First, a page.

Art in the Movements Against Extraction Industries

Art in the Movements
Against Extraction Industries

Cover Artist: Fanny Aishaa

["The Healing Walk, 2013". Acrylics.
      36"X48". January, 2014 by Fanny Aishaa]

"The Healing Walk, 2013" Original artwork by Fanny Aishaa. 36"X48". Acrylics. (January 2014.) Based on a photo by Mario Jean/"MADOC", from the video, "Bloquons les sables bitumineux / Let's block the tar sands":

On our cover this issue, this original piece (first published by Radical Criminology) is a painting inspired by the annual Healing Walk at Fort McMurray to raise awareness with the movement against the tar sands.

From their website:

The tar sands are growing out of control, destroying the climate for all Canadians and poisoning the water of everyone living downstream.


On July 5 & 6 2013 a different kind of event took place in Northern Alberta in the heart of the destruction. The 4th Annual Healing Walk was an opportunity for people from all walks of life to join First Nations and Metis in a spiritual gathering that will focus on healing the land and the people who are suffering from tar sands expansion.

The Healing Walk is sponsored by the Keepers of the Athabasca. Keepers of the Athabasca is a collection of First Nations, Metis, Inuit, environmental groups, and watershed citizens working together for the protection of water, land and air, and thus for all living things today and tomorrow in the Athabasca River Watershed.

'No Pipelines on Unceded Wet'suwet'en Territory'

Excerpts from:

"The Unist'ot'en Camp is a resistance community whose purpose is to protect sovereign Wet'suwet'en territory from several proposed pipelines from the Tar Sands Gigaproject and shale gas from Hydraulic Fracturing Projects in the Peace River Region.

Wet'suwet'en territory, which extends from Burns Lake to the Coastal Mountains, is sovereign territory which has never been ceded to the colonial Canadian state; the Wet'suwet'en are not under treaty with the Canadian government. Their territory, therefore, is and always will be free, and belongs to the Wet'suwet'en people alone.

Since July of 2010, the Wet'suwet'en have established a camp in the pathway of the Pacific Trails Pipeline. Likhts'amisyu hereditary chief Toghestiy states

Unist'ot'en and Grassroots Wet'suwet'en have consistently stated that they will not allow such a pipeline to pass through their territory. The federal and provincial governments, as well as Indian Act tribal councils or bands, have no right or jurisdiction to approve development on Unist'ot'en lands. By consulting only with elected Indian Act tribal councils and bands, the Canadian government breaks its own laws as outlined in the 1997 Supreme Court of Canada Delgamuukw decision which recognizes Hereditary adjudication processes.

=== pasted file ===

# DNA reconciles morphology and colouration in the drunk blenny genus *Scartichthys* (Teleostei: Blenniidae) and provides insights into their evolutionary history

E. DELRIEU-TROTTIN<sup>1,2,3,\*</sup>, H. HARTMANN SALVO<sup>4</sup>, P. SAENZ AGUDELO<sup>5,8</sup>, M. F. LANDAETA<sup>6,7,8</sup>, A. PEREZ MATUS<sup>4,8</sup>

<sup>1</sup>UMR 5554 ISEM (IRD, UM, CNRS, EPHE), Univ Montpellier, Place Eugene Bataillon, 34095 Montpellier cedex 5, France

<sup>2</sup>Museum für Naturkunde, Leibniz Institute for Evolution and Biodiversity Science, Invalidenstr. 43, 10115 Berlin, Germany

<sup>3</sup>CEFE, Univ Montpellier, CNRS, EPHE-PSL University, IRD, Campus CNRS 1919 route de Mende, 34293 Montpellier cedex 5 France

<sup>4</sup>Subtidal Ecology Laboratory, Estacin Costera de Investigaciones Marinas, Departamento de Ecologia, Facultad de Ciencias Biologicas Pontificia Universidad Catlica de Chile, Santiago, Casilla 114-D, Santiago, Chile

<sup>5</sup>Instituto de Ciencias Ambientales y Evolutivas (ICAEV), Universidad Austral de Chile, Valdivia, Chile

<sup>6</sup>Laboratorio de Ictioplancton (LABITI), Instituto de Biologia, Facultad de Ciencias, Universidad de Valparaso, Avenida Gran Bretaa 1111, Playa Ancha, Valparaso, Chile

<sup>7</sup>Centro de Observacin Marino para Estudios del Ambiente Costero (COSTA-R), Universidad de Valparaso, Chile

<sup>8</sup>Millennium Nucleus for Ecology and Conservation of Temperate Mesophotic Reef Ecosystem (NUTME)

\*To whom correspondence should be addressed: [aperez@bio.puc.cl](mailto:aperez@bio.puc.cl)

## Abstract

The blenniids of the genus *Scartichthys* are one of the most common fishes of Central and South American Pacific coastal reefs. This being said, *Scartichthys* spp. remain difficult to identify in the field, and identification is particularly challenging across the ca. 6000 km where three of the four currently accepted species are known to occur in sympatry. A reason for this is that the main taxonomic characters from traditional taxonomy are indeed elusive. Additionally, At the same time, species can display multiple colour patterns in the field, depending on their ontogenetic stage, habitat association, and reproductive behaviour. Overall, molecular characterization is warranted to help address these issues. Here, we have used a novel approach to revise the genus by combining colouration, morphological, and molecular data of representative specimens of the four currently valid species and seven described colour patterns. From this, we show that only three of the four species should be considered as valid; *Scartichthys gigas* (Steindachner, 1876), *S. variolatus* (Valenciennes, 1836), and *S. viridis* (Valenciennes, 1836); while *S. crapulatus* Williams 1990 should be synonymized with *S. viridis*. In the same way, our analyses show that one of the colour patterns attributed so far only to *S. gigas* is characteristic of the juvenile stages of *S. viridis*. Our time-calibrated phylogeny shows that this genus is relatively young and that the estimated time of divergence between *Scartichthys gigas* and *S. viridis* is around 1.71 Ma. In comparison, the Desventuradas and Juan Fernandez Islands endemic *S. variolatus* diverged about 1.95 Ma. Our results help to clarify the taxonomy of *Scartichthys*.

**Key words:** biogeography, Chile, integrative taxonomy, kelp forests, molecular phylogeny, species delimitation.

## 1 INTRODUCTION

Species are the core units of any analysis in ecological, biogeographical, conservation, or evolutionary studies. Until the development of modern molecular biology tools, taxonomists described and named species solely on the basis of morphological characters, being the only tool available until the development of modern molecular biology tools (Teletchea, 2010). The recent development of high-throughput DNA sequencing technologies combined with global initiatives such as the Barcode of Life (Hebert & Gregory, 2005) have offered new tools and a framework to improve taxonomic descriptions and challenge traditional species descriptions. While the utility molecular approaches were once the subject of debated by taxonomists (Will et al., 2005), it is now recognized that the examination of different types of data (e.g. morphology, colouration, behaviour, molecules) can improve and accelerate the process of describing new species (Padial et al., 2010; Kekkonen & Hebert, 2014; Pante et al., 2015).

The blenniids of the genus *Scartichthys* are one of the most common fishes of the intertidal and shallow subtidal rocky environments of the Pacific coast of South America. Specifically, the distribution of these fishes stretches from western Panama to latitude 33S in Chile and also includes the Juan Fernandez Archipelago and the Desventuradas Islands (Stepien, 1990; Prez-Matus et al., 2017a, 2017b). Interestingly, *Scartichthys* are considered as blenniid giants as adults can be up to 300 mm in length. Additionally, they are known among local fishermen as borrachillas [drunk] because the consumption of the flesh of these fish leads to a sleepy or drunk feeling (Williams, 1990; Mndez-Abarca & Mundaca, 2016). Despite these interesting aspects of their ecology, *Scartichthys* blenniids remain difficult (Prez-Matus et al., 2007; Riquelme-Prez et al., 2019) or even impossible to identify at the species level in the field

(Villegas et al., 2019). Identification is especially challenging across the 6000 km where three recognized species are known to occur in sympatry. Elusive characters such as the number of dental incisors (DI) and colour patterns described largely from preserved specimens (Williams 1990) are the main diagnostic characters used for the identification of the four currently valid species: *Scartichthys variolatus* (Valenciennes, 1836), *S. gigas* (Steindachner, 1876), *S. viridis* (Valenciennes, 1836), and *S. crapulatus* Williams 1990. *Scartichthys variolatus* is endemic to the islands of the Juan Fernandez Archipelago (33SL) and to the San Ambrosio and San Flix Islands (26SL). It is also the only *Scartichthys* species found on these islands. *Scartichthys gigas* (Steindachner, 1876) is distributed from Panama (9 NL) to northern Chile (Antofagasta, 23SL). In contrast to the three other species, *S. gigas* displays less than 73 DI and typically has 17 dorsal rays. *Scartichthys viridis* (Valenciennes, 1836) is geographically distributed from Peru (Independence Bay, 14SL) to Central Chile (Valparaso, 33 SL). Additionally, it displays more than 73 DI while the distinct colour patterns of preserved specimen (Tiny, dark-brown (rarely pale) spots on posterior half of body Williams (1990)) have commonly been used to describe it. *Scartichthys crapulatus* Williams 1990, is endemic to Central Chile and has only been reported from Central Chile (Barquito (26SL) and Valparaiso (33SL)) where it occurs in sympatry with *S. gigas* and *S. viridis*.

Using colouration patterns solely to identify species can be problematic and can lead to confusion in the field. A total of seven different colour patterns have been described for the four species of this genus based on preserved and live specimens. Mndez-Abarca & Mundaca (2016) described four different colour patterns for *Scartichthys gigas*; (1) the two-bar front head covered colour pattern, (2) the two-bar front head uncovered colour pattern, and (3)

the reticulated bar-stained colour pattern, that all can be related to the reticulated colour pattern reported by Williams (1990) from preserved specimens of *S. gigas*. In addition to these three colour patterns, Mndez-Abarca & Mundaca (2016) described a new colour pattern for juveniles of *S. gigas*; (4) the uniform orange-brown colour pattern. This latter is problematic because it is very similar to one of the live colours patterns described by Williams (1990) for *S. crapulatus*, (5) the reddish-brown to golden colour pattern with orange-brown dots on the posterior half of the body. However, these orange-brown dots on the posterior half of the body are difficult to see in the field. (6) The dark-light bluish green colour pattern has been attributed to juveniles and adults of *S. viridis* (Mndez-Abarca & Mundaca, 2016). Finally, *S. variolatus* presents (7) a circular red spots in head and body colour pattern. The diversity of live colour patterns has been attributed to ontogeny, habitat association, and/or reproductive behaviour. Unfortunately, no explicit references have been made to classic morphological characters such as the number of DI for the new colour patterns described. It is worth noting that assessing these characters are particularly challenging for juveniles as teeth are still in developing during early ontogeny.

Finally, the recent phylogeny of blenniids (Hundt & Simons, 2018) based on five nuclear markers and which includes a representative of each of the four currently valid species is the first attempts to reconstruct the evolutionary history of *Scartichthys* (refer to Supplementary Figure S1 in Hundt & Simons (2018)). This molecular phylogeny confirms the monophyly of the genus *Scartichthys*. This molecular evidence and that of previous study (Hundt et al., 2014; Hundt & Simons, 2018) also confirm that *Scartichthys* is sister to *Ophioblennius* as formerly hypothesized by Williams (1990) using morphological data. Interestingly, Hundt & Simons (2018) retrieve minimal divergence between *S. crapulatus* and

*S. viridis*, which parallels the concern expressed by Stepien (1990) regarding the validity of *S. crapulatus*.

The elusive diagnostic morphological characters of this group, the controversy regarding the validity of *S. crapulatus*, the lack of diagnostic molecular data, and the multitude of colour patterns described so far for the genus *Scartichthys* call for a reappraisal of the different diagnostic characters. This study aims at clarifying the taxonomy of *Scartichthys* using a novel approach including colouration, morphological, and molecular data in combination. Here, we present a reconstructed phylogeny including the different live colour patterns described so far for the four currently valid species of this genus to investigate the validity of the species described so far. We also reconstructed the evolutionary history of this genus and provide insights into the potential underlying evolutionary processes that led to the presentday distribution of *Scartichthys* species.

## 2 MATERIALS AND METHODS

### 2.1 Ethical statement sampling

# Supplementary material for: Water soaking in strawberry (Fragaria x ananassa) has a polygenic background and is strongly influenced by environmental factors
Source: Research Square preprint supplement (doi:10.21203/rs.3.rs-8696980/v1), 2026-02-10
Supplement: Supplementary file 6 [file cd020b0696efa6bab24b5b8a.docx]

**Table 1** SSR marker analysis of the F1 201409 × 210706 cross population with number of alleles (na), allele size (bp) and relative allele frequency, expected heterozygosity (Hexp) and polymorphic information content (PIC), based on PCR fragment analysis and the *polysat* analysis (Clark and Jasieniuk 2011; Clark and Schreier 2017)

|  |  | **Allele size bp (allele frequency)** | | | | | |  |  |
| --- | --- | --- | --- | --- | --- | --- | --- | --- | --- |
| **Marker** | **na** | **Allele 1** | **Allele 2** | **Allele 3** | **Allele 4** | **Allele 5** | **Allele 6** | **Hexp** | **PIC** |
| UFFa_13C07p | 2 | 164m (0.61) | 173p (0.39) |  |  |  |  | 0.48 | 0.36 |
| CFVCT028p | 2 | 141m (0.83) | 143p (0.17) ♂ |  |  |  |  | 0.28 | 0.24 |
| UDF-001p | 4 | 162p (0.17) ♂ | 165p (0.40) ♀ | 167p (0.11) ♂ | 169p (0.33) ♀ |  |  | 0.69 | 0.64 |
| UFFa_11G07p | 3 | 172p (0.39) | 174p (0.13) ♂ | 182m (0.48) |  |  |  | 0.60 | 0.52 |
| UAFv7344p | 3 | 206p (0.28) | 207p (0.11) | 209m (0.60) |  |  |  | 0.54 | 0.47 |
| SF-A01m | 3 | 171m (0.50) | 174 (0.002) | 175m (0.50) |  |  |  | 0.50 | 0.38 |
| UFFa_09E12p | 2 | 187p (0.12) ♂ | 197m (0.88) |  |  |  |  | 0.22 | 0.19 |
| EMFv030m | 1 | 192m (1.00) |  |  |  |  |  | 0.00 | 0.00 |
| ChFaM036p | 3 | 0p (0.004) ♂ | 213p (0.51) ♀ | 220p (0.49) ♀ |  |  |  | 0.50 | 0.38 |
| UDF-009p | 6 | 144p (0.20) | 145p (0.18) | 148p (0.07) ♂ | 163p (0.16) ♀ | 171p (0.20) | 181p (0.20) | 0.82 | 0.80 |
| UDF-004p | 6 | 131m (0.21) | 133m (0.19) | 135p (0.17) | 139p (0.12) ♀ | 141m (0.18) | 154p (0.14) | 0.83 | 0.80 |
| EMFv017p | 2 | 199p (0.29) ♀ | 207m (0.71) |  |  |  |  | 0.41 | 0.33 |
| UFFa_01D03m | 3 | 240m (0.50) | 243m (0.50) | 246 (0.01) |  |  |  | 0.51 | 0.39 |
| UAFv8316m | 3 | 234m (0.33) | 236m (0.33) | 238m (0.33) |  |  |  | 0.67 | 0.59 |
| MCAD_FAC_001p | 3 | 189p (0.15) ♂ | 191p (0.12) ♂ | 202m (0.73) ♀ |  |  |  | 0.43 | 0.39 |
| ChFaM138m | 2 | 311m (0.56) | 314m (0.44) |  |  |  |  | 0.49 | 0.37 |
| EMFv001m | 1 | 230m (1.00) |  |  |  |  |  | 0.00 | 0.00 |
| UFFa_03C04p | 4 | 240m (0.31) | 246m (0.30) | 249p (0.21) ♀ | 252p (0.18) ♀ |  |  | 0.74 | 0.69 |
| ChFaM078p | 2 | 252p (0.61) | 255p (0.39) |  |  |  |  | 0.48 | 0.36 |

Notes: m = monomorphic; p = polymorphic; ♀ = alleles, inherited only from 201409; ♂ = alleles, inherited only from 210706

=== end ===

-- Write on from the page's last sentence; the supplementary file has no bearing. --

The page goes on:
Pipelines" reproduction of artwork painted on his drum by
          Toghestiy, text added by VicFAN.] [ ◄"No Pipelines" photo/reproduction of artwork, painted on his drum by Toghestiy, text added by VicFan.]

[►"Mintselh", is a nighthawk/watcher,
a crest of the Unist'ot'ten, gifted to them, drawn by Likhts'amisyu
hereditary chief Toghestiy  (2013). He says of this 'supernatural' bird, ["Mintselh", a
        nighthawk/watcher, crest of the Unist'ot'en, by Likhts'amisyu
        hereditary chief Toghestiy (2013)]
"it flies nonstop through their lands and keeps an eye out for
trespassers. It never lands thus it has no legs."]

Freda Huson, spokeswoman for the Unist'ot'en Clan, states:

Pacific Trails Pipeline does not have permission to be on our territory. This is unceded land. Through emails and in meetings, we have repeatedly said NO. Pacific Trail Pipeline's proposed route is through two main salmon spawning channels which provide our staple food supply. We have made the message clear to Pacific Trails, Enbridge, and all of industry: We will not permit any pipelines through our territory.

The Unist'ot'en clan is against all pipelines slated to cross through their territories. This includes Enbridge Northern Gateway, Pacific Trails, Coast Gas Link, Kinder Morgan's northern proposal, and others. Pacific Trails Pipeline is the most pressing and immediate threat to the community. The Enbridge pipeline [as proposed] would be built side by side- with essentially the same right of way as Pacific Trails-thus raising concerns that the Pacific Trails Pipeline might 'blaze a trail' for the Enbridge project.